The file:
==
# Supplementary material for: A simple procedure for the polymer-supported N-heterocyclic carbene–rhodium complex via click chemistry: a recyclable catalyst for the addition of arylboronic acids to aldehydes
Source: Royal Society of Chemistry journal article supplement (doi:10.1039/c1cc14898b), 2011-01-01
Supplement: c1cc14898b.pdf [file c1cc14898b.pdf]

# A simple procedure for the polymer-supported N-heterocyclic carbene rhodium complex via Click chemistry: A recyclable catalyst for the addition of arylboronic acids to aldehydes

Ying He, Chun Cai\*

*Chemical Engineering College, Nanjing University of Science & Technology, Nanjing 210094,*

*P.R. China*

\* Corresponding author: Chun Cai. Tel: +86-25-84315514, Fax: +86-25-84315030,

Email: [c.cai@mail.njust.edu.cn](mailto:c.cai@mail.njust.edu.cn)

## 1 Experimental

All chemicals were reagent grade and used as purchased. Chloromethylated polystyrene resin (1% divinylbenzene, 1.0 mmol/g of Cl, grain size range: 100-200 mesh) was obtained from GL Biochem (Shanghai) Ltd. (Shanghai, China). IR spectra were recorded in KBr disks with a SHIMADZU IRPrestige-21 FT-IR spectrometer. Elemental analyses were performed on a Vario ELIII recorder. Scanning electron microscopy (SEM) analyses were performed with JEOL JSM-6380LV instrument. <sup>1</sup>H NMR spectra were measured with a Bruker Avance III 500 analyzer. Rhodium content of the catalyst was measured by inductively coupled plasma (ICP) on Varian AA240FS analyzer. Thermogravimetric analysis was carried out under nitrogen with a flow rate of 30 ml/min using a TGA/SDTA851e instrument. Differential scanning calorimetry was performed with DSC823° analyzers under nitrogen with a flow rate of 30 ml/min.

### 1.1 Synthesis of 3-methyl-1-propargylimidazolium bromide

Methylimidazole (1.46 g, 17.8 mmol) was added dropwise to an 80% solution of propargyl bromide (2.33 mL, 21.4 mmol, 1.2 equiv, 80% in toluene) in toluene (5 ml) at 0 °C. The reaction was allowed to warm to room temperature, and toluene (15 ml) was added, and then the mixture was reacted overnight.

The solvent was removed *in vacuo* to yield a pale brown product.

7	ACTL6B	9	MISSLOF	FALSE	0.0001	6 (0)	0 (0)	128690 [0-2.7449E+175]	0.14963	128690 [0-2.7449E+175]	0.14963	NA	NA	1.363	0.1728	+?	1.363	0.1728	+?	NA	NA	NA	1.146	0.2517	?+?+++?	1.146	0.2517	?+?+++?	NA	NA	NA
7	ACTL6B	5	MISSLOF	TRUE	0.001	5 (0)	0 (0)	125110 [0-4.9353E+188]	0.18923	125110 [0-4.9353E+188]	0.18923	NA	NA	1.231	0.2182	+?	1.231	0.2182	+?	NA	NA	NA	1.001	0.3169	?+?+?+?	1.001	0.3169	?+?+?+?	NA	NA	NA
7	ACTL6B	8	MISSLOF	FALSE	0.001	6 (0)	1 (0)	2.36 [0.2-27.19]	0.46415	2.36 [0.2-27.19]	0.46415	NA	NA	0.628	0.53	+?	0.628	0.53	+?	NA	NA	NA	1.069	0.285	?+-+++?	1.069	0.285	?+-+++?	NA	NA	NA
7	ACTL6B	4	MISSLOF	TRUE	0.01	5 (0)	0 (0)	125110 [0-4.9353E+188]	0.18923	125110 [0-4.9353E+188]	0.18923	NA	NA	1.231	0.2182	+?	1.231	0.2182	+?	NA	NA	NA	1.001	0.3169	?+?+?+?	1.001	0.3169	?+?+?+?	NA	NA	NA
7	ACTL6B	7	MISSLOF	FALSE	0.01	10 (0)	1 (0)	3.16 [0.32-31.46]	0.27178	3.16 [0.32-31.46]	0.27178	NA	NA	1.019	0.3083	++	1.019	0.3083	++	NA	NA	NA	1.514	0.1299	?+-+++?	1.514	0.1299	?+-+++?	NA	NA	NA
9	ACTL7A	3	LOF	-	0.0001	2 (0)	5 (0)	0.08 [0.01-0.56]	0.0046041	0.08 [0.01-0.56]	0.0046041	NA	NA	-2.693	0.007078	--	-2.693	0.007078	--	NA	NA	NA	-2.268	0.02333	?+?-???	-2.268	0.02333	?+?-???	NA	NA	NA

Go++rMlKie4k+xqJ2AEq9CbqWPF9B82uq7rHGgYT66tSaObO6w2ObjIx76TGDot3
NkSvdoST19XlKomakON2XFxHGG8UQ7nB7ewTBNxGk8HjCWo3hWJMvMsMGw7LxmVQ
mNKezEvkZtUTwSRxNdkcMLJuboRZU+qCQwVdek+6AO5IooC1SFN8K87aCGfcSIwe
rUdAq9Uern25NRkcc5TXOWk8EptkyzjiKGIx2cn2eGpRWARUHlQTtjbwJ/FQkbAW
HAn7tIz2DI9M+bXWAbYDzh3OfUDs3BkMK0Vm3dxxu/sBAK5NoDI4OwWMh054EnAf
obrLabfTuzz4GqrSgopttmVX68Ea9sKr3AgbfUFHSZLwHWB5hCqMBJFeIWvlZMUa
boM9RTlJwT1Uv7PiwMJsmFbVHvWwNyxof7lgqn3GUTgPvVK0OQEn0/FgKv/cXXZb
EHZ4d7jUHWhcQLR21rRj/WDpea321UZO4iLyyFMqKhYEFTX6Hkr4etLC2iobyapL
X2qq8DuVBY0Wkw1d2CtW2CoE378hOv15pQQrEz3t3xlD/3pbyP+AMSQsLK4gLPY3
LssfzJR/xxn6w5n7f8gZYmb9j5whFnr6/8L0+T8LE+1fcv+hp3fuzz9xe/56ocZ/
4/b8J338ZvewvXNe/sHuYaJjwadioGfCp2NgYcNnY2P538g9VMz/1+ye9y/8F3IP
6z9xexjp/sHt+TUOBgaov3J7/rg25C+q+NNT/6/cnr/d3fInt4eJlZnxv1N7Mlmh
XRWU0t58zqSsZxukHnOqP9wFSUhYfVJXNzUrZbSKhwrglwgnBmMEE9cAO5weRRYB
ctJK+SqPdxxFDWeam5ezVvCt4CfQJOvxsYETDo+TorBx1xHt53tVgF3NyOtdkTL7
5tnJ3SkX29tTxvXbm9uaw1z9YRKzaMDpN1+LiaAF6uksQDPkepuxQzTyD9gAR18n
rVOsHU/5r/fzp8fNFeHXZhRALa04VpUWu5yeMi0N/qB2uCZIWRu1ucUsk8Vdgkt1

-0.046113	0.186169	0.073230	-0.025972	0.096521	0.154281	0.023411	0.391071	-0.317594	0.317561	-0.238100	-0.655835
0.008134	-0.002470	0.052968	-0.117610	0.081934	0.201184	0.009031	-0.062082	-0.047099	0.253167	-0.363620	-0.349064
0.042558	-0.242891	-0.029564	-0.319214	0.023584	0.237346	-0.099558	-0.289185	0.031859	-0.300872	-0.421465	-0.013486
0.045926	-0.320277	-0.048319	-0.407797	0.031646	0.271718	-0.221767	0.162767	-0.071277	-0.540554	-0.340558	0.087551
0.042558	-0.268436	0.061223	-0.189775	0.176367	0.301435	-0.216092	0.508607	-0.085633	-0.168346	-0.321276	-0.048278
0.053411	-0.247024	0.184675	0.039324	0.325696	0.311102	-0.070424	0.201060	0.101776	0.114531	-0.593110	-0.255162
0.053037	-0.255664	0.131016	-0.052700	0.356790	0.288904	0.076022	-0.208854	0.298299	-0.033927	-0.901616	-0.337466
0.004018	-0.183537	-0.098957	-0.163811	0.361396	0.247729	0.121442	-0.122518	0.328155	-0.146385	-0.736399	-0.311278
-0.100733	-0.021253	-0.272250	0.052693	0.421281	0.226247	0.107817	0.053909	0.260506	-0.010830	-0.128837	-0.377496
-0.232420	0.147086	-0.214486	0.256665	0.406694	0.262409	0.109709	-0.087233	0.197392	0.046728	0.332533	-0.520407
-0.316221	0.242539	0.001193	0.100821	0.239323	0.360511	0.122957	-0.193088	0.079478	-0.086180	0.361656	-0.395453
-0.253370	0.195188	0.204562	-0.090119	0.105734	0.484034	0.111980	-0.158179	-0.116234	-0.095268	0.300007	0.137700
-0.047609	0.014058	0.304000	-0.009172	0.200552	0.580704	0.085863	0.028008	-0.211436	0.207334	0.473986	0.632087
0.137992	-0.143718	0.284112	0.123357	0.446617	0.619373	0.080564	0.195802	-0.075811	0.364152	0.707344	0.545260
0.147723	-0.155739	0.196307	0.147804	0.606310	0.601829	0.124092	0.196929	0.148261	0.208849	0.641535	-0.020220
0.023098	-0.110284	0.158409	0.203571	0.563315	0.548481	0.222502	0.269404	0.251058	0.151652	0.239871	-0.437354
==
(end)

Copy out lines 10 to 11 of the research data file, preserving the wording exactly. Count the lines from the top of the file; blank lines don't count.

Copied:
## 1 Experimental

All chemicals were reagent grade and used as purchased. Chloromethylated polystyrene resin (1% divinylbenzene, 1.0 mmol/g of Cl, grain size range: 100-200 mesh) was obtained from GL Biochem (Shanghai) Ltd. (Shanghai, China). IR spectra were recorded in KBr disks with a SHIMADZU IRPrestige-21 FT-IR spectrometer. Elemental analyses were performed on a Vario ELIII recorder. Scanning electron microscopy (SEM) analyses were performed with JEOL JSM-6380LV instrument. <sup>1</sup>H NMR spectra were measured with a Bruker Avance III 500 analyzer. Rhodium content of the catalyst was measured by inductively coupled plasma (ICP) on Varian AA240FS analyzer. Thermogravimetric analysis was carried out under nitrogen with a flow rate of 30 ml/min using a TGA/SDTA851e instrument. Differential scanning calorimetry was performed with DSC823° analyzers under nitrogen with a flow rate of 30 ml/min.